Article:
Tag Archives: Care

Sign up to take part in Carers Week 2014

Staff from charities taking part in Carers WeekCarers Week 2014 launched last week. Age UK wants to encourage as many people as possible to take part to help carers across the UK. The week itself doesn’t take place until 9-15 June 2014, but the door is now open for those who want to sign up to get involved.

Every year Carers Week is a chance for us to highlight the amazing contribution carers make to our society, whether they’re caring for a sibling, parent, partner, child or friend. There are 6.4 million unpaid carers in the UK and many of these put their own health, work and social lives to one side to care for loved ones.

Many people first come into contact with social care during a health crisis such as a hospital admission, when they and their families are often distressed. The system is very complicated and important decisions are often made very quickly and without proper independent information and advice.

Continue reading

The Global Impact of Ageing: The Oldest Old

In an earlier blog we discussed how people aged over 85 are the fastest-growing segment of the UK population. However, this is not just happening here or in other industrialised nations; rather, it’s a global phenomenon.

Age UK is working with the Gerontological Society of America to invite articles from experts around the world on what is happening, why, and what it means for societies, health and social care services, and policy-makers. These submissions has been published in the recent Public Policy and Aging Report.

blogSome of these submissions looked at comparing life expectancy, disease, and disability trends in the 85+ group across countries. There are many variations, but one commonality across all of these countries is that the average person over 85 is a woman living alone in the community, which means governments and societies will have to think about how to meet growing needs for these people without family to look after them. Continue reading

Older women and care: are they invisible to the sisterhood?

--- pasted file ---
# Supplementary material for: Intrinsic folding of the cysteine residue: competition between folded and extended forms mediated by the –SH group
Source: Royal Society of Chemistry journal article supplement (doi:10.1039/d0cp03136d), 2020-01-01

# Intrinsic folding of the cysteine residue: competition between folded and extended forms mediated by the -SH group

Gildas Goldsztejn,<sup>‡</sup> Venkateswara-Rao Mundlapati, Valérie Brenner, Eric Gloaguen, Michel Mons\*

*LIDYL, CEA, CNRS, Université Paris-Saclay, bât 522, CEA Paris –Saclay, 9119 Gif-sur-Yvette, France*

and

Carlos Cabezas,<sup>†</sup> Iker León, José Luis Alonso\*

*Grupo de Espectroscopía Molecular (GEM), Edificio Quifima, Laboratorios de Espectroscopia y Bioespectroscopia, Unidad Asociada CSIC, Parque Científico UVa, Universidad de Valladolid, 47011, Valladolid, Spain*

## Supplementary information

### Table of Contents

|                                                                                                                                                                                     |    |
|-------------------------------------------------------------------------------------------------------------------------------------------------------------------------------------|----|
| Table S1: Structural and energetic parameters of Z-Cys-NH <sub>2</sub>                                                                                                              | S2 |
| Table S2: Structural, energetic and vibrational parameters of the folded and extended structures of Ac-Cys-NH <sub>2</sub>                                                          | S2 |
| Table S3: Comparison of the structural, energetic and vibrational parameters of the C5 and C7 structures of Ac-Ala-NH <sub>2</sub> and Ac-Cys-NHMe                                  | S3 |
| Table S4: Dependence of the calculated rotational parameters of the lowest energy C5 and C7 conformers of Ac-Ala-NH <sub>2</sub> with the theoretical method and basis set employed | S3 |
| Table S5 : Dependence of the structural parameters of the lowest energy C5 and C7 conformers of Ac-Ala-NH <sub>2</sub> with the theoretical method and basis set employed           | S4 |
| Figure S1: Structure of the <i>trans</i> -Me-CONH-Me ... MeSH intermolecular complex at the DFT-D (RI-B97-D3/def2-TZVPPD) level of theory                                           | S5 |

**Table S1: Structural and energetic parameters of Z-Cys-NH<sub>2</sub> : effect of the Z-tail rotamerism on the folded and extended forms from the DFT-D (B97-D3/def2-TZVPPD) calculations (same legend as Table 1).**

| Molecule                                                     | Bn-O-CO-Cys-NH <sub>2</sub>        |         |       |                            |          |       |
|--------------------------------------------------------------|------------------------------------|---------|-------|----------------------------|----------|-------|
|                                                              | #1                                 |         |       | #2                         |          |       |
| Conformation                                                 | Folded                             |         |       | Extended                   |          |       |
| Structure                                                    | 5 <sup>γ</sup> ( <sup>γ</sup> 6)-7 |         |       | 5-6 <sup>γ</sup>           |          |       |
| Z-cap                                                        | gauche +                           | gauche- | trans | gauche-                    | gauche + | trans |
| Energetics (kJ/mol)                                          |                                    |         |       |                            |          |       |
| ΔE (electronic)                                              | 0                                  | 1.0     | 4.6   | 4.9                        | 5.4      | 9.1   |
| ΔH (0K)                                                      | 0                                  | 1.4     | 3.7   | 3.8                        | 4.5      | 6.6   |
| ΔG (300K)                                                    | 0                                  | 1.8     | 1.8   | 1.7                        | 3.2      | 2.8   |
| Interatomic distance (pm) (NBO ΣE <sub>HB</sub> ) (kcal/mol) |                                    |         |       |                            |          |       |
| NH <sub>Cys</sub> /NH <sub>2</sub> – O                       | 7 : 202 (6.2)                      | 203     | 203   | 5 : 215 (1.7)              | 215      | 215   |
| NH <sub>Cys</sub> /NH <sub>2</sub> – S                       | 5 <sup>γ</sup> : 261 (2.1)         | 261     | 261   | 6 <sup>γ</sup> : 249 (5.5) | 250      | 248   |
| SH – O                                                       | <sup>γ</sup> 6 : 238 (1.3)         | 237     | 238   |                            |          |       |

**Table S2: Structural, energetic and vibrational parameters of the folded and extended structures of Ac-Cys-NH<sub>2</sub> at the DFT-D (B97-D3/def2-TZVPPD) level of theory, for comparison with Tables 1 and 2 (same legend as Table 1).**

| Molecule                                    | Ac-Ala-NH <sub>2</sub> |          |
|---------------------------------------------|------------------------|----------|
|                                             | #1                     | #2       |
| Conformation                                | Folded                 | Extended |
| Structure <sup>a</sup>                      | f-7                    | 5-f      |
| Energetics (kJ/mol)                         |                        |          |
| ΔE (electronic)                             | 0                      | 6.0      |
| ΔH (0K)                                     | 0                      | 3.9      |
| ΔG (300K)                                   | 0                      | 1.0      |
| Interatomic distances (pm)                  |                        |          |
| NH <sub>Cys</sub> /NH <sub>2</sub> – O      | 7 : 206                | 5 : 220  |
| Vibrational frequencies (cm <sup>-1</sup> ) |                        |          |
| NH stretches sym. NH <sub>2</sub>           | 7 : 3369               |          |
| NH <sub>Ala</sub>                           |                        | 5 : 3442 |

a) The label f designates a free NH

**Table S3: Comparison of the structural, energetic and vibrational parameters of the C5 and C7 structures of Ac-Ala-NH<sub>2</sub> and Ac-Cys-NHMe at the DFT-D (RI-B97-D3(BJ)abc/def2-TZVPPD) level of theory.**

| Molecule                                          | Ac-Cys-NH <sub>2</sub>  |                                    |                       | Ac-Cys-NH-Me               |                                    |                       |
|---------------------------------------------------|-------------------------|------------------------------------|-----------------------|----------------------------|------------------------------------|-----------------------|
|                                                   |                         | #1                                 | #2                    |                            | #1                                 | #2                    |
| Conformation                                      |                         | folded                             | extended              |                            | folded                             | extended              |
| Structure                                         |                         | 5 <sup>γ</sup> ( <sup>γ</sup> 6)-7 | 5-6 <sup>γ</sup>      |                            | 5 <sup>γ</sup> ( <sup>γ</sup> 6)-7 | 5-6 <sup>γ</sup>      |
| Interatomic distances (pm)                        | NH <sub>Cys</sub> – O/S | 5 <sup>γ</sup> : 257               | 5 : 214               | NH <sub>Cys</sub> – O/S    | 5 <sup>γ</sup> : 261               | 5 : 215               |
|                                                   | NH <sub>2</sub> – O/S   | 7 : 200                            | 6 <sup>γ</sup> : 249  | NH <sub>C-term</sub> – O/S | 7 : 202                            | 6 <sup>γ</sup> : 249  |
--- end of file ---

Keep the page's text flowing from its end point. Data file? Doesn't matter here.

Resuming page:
This blog is an edited version of an article appearing in the International Longevity Centre’s Compendium on Older Women, published for International Women’s Day. 

As women, we outlive men in nearly all parts of the world, outnumbering our male counterparts across the globe by 100 million. But though we live longer than men and are stronger in number, we are also likely to spend more years in poor health.

This is reflected in the gender profile of users of health and social care. Across OECD countries ¾ of long-term care users are women. Older women are therefore disproportionately affected by inadequacies of care and support.

Paradoxically, though, older women are also the main providers of care. photographer: Claudia JankeAcross OECD countries 2/3 of informal carers aged 50+ are female. In developing countries, in addition to informal care, a significant amount of the care older women provide is as a grandparent to children whose parents have migrated or have been killed by HIV/AIDS or conflict. Continue reading

Guest blog: What burden of ageing?

This guest blog was contributed by Rob Greig, Chief Executive at the National Development Team for Inclusion (NDTi)

The area of government policy that has continually depressed me the most (and I’m talking successive governments here) is that around older people and ageing. What we at NDTi call the ‘demographic dialogue’ of public policy and the media creates a culture whereby older people are seen as a problem and a burden on society.

Read almost anything from government policy, think tanks or the national press and you will see older people being described negatively. They are ‘bed blockers’ in hospitals, creating a ‘financial precipice’ in public finances and the cause of a pension system crisis that means younger people will have to work longer. Older people are portrayed as being the cause of problems that government and society have to address.

I beg to differ.  There are 3 fundamental flaws in this perception of older citizens:

  • It sees older people as primarily passive recipients of services provided by the state or wider society, denying or even discouraging their capacity to continue to give to the communities around them.
  • The service and cost modelling is substantially based on an assumption that we will do the same in the future as we have done in the past – rather than explore more innovative options that could change the financial parameters
  • It conveniently appears to forget the contributions that people have made to society, through their work, taxes, caring and creativity. Is it too old-fashioned to still think that society may have some obligation in the form of ‘pay-back’ time that should argue against using the language of burden?

I will put the third point to one side as it is primarily influenced by values and opinions and instead focus on the first two – and tell you about Ted.

Continue reading